The Merriam Webster dictionary defines sophistry or sophism as “an argument apparently correct in form but actually invalid.”
This definition describes perfectly a recent newspaper headline that ran in several Connecticut newspapers in mid-September reading “CT on pace for another multibillion-dollar budget surplus.”
The subtitle got specific: “Early projections from Gov. Lamont put state nearly $2.3 billion in the black this fiscal year.”
Certainly, the headline implied the “multibillion-dollar budget surplus” was a marvelous new development.
It wasn’t and isn’t. The surplus was forecast in early May when the official state budget was enacted.
The newspapers knew, or should have known, this.
The pretext for the headline and article was a legally required monthly letter sent by Jeffery Beckham, Secretary of the Office of Policy and Management (OPM), to the State Comptroller assessing actual performance versus budget forecast for the first two months of the new fiscal year. Beckham reported a slight improvement of $145 million in revenue.
A $145 million deviation in the $22 billion General Fund budget is a variance of less than 1%, hardly warranting news coverage.
The “$2.3 billion surplus” was only a slight upward revision of $145 million to the $2.15 surplus that was forecast in the budget adopted in May.
Such a slight adjustment is not news.
What should be news is the now-questionable nature of the largest part of the $2.15 billion surplus forecast last May, namely the $1.8 billion “Volatility Cap Deposit” – note the word “volatility.”
The “Deposit” derives from taxes on non-wage or investment income of higher income and wealthy individuals that come predominantly from stock market gains.
Well, the stock market has plunged since early May, not exactly promising circumstances for anyone to achieve market gains. All three major stock indices are down over 20% year to date. Since May 3rd, the date of budget’s enactment, the DOW is down 12%, the S&P is down 13% and NASDAQ is down 15% (and 32% for the year).
Yet, the official estimate for this type of revenue has not budged since May. Specifically, the official forecast of income tax revenue from “estimate and finals” (E&F) plus the “pass through entity tax” (PET) is $5.48 billion today, exactly the same amount as forecast in the budget in May, according to Mr. Beckham’s letter,
There is a bureaucratic excuse for this. By state law, the official revenue forecast must be agreed by OPM and the Office of Fiscal Analysis (OFA) in the legislative branch. The next “Consensus Revenue Forecast” is not scheduled to be issued until mid-November. Mr. Beckham cannot unilaterally alter the forecast.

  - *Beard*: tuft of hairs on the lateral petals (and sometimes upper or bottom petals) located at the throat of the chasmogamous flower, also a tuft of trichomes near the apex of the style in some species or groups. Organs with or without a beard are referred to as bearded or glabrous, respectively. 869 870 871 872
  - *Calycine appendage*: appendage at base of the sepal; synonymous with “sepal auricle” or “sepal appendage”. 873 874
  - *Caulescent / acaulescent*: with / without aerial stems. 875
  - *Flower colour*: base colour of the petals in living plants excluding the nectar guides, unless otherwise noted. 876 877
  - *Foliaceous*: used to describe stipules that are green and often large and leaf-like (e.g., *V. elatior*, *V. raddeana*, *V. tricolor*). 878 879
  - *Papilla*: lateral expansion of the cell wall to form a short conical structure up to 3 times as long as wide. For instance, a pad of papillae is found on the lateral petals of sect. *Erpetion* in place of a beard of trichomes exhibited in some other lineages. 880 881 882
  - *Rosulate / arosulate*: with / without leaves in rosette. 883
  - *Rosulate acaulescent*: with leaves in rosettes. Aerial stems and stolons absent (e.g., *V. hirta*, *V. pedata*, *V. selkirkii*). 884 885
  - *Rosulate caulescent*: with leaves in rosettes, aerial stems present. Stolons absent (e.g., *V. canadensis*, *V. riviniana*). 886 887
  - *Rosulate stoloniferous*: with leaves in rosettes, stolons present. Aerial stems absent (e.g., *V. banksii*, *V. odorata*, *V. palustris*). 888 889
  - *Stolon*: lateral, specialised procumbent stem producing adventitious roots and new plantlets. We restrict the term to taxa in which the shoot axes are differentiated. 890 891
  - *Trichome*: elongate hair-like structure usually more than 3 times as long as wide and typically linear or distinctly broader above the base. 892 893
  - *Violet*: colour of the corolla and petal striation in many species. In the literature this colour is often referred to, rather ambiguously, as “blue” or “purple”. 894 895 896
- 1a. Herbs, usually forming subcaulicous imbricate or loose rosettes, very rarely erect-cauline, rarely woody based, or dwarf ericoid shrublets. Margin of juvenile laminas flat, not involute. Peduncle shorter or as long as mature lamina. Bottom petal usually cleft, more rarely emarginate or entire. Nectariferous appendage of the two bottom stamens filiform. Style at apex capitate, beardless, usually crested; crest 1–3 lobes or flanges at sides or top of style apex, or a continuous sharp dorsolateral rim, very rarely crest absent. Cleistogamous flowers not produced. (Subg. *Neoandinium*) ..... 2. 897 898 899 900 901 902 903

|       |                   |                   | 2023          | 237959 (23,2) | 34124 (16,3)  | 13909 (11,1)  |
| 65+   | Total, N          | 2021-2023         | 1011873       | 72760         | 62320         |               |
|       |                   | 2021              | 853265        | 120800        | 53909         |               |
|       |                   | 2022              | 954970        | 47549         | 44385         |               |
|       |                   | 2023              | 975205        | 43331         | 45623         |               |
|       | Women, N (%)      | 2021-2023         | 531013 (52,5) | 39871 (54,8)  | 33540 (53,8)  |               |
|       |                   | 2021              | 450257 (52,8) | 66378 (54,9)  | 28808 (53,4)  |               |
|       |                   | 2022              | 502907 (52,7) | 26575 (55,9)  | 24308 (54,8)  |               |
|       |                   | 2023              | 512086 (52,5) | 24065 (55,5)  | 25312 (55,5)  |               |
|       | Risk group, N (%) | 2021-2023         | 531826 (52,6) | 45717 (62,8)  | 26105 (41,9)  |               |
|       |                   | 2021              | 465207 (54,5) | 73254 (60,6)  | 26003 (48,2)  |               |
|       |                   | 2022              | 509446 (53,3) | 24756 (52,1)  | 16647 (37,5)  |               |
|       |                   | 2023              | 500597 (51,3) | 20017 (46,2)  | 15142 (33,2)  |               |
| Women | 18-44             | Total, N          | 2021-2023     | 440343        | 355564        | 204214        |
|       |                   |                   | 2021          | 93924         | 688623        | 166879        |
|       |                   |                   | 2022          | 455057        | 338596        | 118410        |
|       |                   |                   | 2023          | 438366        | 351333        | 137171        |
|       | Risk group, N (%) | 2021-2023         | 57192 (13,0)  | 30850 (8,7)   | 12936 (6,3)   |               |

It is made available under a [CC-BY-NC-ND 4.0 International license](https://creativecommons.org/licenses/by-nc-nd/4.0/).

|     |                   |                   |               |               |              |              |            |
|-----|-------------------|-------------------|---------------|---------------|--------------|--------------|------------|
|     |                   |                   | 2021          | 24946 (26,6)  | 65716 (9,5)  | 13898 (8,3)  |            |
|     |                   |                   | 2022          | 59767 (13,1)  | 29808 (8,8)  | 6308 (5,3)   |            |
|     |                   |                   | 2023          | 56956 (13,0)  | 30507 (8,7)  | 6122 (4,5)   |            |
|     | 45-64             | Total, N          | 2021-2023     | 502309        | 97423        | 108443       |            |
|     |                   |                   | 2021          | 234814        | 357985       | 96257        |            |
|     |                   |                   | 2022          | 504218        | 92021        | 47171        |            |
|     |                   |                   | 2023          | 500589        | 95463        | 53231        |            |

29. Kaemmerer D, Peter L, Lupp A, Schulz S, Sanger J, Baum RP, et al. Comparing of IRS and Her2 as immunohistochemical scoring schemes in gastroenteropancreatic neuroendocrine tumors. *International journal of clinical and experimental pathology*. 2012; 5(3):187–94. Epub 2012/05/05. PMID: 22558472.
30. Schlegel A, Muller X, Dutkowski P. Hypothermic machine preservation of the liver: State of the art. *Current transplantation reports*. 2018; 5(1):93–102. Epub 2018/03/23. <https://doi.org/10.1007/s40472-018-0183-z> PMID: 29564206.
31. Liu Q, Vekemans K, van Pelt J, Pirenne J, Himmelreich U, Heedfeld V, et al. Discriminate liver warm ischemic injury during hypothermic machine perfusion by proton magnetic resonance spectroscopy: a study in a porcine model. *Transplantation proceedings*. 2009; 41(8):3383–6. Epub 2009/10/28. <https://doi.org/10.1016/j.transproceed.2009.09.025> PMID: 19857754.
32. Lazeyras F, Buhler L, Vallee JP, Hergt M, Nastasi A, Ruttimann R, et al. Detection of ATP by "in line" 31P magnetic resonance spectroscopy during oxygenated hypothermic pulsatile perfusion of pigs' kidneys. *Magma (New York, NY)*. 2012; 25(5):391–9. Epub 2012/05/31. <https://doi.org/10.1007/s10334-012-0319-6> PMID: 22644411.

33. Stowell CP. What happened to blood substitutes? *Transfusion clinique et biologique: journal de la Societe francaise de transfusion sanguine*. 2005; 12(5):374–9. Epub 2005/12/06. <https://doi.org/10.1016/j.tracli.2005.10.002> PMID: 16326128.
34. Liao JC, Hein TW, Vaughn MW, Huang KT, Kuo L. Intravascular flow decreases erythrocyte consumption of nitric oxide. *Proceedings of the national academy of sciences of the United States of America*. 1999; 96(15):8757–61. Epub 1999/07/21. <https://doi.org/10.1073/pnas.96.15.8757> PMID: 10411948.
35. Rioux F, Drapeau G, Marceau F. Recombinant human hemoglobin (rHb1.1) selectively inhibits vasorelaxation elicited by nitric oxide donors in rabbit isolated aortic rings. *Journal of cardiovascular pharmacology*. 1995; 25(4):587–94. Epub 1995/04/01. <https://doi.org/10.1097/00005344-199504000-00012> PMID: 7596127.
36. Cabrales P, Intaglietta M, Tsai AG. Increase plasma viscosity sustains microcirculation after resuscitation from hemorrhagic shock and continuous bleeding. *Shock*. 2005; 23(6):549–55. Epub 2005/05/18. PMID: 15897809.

The newspapers knew, or should have known, this.
The purpose of the Volatility Cap is to save some of the fat in fat years to cushion the pain in lean years. “Fat,” in budget terms, is income tax revenue from investment income, which, obviously, is highly volatile.
The official budget adopted in May anticipated some of this year’s reversal of fortune in the stock market. It assumed a 16% decline in E&F and PET, or “non-withheld,” income tax revenue. Is that adequate for more than a 20% market decline? Doubtful.
What if the S&P repeats its 2007-2008 experience, plummeting 52% from high to low? Indeed, if history repeats, then E&F and PET tax revenue could decline 75%, as capital gains tax revenue did at the federal level from 2007 to 2009. If that history repeats, there will be no Volatility Cap Deposit and no surplus at all.
This is the issue that the article should have addressed.
Not only is investment income volatile, but most of it is only reported and paid with final tax returns in April, which means that budget-vs-actual comparisons beforehand are not very reliable.
For example, at the federal level, for tax year 2021, $515 billion of non-withheld individual income taxes were paid in April 2022, according to the Monthly Treasury Statement for April. Over the nine months beforehand from July through March, only about $398 billion was paid, primarily with required estimated quarterly filings in September and January.
In July and August – the season covered by Mr. Beckham’s letter, only about $30 billion of non-withheld individual income taxes were paid to the IRS in both 2021 and 2022, reflecting that there are no quarterly estimated tax filings required in these two months.
In good years and bad, there is no meaningful data in these two months to project full year results.
Instead of recognizing this reality, the article doubled down on a stale official budget forecast, portraying it as if it were a new up-to-date estimate. This was unprofessional and wildly misleading.
One partial cure for this kind of journalistic mischief is to require a Consensus Revenue Forecast in mid-October, which would capture the revenue paid on the September 15 quarterly tax filing date at the federal and state level.
The state’s readers, citizens and voters deserve better from journalists than election year puff pieces mischaracterizing facts to portray a rosy picture about the incumbent governor’s seemingly marvelous fiscal performance.
Red Jahncke is a nationally recognized columnist, who writes about politics and policy. His columns appear in numerous national publications, such as The Wall Street Journal, Bloomberg, USA Today, The Hill, Issues & Insights and National Review as well as many Connecticut newspapers.